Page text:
This topic cannot be fully explored in the space of a column, but let me make a few forays into the matter, hear some of your reactions, and continue exploring this in future columns.
There are many reasons to question the amount of attention our age gives to helping people have memorable religious experiences. For one, other religions seem to be equally capable of giving people an encounter with transcendence. For another, as we now increasingly see, drugs seem to be able to do the same thing.
Similarly, we rightly question making our faith mostly about "deeds not creeds"—as if the Christian faith were primarily a religious ethic. Again, most of the ethical injunctions of Christianity are found in other world religions, and are even championed by many atheists. You don't need revelation to figure out that adultery, stealing, and murder are really bad ideas, and that there is something noble about caring for other human beings. We have countless examples of Hindus, Muslims, Jews, and others—even agnostics and atheists—living upright lives and giving themselves in sacrificial service to the marginalized.
In short, what Christians uniquely have to offer the world is not religious experience or even a unique religious way of life. We're not hawking "your best religion now," for our religion, upon close examination, seems no more admirable or sinful than any other religion. Christianity stands under the judgment and grace of God—as do all religions.
No, what Christians bring to the world is a message embedded in a story, and nothing less than a God-given, God-revealed message and story.
The Gospel writer John put it this way: "For God so loved the world that he gave his only Son, that whoever believes in him will not perish but have eternal life" (John 3:16).
The apostle Paul put it many different ways, and one was this: "God … through Christ reconciled us to himself and gave us the ministry of reconciliation; that is, in Christ God was reconciling the world to himself, not counting their trespasses against them, and entrusting to us the message of reconciliation" (2 Cor. 5:18-19).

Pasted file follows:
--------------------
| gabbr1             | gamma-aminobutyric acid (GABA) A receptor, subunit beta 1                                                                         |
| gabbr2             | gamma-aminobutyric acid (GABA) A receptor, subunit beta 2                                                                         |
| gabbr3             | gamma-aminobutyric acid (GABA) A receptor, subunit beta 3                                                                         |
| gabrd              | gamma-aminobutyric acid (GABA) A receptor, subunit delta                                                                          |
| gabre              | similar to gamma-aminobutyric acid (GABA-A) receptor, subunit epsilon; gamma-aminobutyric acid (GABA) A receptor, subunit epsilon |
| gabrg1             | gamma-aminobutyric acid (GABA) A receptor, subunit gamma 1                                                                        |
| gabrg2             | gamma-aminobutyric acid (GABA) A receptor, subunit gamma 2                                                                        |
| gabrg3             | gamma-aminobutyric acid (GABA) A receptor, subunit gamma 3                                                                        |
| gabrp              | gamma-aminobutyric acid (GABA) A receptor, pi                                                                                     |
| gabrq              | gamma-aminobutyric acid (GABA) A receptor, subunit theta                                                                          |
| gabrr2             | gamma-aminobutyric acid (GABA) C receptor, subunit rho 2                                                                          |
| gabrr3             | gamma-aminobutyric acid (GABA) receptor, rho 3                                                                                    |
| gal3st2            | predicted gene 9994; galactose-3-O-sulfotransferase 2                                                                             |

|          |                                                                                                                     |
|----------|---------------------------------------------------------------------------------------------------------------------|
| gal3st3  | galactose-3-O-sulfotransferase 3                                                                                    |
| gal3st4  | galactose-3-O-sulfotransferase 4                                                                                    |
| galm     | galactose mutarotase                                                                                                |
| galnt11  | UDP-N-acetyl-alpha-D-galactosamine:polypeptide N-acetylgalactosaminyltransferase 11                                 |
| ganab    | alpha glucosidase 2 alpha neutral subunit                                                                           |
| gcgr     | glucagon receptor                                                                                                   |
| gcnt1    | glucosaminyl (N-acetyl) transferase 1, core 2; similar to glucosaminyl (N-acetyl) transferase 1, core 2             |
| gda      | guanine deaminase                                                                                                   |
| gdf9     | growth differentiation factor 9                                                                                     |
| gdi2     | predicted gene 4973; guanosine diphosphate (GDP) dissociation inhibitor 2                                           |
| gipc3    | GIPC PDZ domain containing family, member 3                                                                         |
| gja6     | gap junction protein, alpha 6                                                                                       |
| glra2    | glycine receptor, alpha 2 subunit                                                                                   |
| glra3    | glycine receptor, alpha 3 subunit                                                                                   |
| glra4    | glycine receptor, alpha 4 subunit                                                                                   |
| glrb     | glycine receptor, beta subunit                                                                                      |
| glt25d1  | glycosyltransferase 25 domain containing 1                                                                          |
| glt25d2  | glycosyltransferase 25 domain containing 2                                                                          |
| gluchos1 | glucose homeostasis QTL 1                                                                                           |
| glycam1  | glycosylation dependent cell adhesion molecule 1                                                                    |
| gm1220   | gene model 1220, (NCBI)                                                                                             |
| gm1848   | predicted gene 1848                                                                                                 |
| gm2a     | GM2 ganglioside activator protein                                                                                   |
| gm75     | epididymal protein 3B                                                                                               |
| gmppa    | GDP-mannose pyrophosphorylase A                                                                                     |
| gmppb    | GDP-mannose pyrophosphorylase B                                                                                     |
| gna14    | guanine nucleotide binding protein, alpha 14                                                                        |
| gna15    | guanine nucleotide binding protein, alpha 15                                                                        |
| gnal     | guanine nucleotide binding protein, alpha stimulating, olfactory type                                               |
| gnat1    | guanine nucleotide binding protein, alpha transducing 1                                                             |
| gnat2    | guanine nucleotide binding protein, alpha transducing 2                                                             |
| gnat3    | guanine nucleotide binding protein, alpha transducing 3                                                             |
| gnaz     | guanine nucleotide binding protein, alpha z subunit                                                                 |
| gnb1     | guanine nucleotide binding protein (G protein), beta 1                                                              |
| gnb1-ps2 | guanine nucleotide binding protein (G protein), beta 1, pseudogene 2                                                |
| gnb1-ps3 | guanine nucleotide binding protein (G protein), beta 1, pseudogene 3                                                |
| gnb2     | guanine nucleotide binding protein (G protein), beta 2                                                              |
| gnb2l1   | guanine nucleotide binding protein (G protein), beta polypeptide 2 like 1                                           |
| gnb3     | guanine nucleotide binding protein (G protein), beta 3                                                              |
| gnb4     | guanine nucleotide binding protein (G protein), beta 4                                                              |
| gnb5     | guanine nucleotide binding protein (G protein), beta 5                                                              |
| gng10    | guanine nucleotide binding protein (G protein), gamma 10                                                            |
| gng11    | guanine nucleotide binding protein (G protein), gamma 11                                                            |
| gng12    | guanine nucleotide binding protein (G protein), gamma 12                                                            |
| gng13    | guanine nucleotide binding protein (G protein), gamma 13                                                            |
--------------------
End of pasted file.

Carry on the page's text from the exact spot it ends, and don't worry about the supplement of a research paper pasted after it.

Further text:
The great theologian Karl Barth, when asked to summarize his massive Church Dogmatics—his best effort at summing up the substance of Christian theology—said, "Jesus loves me this I know, for the Bible tells me so."
The Christian faith is, at its core, not about ethics or religious experience, but a message about a God who has gone to extraordinary lengths to be and remain on our side, to become the-God-with-a-name, Emmanuel, "God with us." Christians are not primarily mystics (those who experience God in a special way) or activists (those who live the way of Jesus). We are mostly witnesses of who God is and what he has done and what he will do in Jesus Christ, the God who in Christ has "a plan for the fullness of time, to unite all things in him, things in heaven and things on earth" (Eph. 1:10).
This is not to deny that our faith must be expressed in deeds and empowered by a genuine experience of God. Faith without works, or a genuine encounter with God, is not Christian faith. But after promising the disciples that they would receive the power of the Holy Spirit, Jesus told them what their main mission was: "You will be my witnesses in Jerusalem and in all Judea and Samaria, and to the end of the earth" (Acts 1:8).
We are shortchanging our people when we make worship mostly about experience or a pep rally to motivate people to good deeds. We practice religious neglect when we fail to witness to them the saving story of God in Christ and train them to be fellow witnesses of that story, so that they might share that story with a world that does not know its left hand from its right. A world which does not know God as Emmanuel, but merely as "Something." A world that knows transcendence but does not have eyes to see God with us even to the end of the age. A world that senses "attunement with other people," but does not recognize the One who holds everyone and everything together by his love.
People will never figure this all out—and thus never be able to enjoy a full and saving encounter with God—unless someone tells them. And who will tell them if no one's been sent, because we're mostly creating wonderful worship experiences and teaching mere ethics?
Mark Galli is senior managing editor of Christianity Today, and author of A Great and Terrible Love: A Spiritual Journey into the Attributes of God (Baker).
Copyright © 2010 Christianity Today. Click for reprint information.
Previous SoulWork columns include:
Asking the Right Question | Why neither worm theology nor worth theology will do. (April 1, 2010)
Love Needs No Reason | One difference between the therapeutic gospel and the liberating gospel. (March 18, 2010
Love of Unimaginable Proportions| What to do when you find yourself praying to the quid pro quo god. (March 4, 2010)